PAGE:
The 5 Happiness Traps, Part 1
The essential trick of happiness traps is that they seem to offer the solution to happiness, even as they destroy any chance of ever achieving it. They seem to fight fear, but they donít: itís an illusion.
One of the cruelest paradoxes of life is that the things we so often seek to soothe our souls are the very things that ultimately feed our fears and cause happiness to forever recede ahead of us, just out of our reach!
Here are the first three of the five happiness traps:
1. Trying to buy happiness
At Canyon Ranch, the author often heard people talk about hunting–for diamonds, planes, houses, paintings, and boats–but what he really heard, beneath the surface of their conversation, is people talking about hunting down the one big prize that will finally free them from the two basic, survivalist fears that have haunted people since the Stone Age: the fears of not having enough and of not being enough.
Many of the people the author counsels become fixated upon their hunts. In the heat of the hunt, they often feel a keyed-up, hyperalert sense of excitement–which they generally mistake for happiness–but once the hunt is done, theyíre almost never satisfied.
The most important message that the science of happiness tells us about money is, almost nobody thinks they have enough. In the dark recesses of our brains, free-floating fear tells us that we need more, more, more–or our very survival will be threatened.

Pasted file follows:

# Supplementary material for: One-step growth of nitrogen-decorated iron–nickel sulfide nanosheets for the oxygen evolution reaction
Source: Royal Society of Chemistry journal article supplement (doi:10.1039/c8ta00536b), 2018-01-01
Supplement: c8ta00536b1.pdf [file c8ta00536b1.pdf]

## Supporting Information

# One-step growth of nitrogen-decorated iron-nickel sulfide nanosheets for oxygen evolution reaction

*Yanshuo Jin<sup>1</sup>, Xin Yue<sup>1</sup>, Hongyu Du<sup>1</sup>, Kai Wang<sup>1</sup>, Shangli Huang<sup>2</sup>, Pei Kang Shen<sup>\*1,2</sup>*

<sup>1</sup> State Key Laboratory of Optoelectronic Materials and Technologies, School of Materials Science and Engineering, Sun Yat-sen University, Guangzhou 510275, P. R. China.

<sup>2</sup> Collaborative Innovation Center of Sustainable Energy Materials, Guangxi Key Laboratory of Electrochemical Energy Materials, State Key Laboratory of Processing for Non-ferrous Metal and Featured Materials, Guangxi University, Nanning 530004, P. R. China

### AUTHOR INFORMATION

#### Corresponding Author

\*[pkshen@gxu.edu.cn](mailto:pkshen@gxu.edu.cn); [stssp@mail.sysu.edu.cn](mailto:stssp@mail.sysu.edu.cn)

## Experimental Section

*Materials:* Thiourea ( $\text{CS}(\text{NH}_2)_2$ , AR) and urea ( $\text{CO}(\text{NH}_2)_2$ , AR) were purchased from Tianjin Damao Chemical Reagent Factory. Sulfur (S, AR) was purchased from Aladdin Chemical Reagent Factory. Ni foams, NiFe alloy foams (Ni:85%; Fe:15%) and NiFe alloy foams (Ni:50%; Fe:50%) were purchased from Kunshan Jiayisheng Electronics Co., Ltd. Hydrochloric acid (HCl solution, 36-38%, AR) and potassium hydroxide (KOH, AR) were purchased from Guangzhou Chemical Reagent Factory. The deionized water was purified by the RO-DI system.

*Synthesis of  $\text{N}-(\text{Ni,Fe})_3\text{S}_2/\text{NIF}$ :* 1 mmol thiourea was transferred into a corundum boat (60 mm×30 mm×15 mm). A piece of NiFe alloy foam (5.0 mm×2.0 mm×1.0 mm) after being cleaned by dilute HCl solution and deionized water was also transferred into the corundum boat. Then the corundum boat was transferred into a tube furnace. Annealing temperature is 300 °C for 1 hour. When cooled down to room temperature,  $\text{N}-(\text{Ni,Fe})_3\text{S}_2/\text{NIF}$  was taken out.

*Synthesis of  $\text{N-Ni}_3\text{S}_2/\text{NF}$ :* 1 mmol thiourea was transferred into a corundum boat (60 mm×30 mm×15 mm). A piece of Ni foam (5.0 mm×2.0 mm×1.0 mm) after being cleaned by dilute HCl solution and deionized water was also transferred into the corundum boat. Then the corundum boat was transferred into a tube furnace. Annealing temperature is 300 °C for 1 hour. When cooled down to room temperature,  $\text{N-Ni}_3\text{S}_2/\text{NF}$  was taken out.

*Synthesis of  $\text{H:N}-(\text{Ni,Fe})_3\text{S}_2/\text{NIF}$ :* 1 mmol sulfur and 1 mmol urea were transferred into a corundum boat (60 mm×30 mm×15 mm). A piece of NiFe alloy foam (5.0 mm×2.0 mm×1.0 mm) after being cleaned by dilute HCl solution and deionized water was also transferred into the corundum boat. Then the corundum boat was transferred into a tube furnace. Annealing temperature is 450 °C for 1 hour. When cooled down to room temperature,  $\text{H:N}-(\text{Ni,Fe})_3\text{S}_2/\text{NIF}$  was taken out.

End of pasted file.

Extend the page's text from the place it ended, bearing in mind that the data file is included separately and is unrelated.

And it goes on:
Face facts: Scarcity is burned into your brain. Youíll probably never feel as if you have enough money. Itís time you accept this. And rise above it.
2. Trying to find happiness through pleasure
One of the new theories of the science of happiness. Itís called adaptation level theory, and it says that once we became accustomed to any pleasure, it no longer has the power to makes us happy.
The principle is one of the biggest obstacles to happiness that many people now face, because as a prosperous society weíre awash in a sea of pleasures that were once out of reach.
Happy people, however, know that itís wise to regularly back away from lifeís banquet, so that pleasure will stay novel and refreshing.
3. Trying to be happy by resolving the past
About 100 years ago, Freud noted that people often stored traumatic memories beneath the surface of their day-to-day consciousness. Lacking the knowledge we now have of brain anatomy, he dubbed this black box of memory the subconscious, and theorized that if the box were to be cathartically emptied by means of psychoanalysis, people would no longer be haunted by traumatic events.
These days, the strongest new trend in medicine is to help patients achieve vigorous health, and the strongest new trend in psychology is to help people feel happy. Similarly, as the same approach has gained steam in psychology, psychologists have discovered that helping people be happy–without fixating on their anguish–usually solves mental problems even better than trying to somehow “purge” or excise the problems.
One of the main reasons that this approach is working so well in psychology is because Freudís basic premise was faulty. The subconscious cannot be emptied of its dark and dreadful contents merely by bringing them to the light of the day. The subconscious, instead, is a living, functioning part of the brain–the amygdala–which cannot be drained.
Adapted from What Happy People Know, by Dan Baker, Ph.D. and Cameron Stauth (Rodale Books, 2003).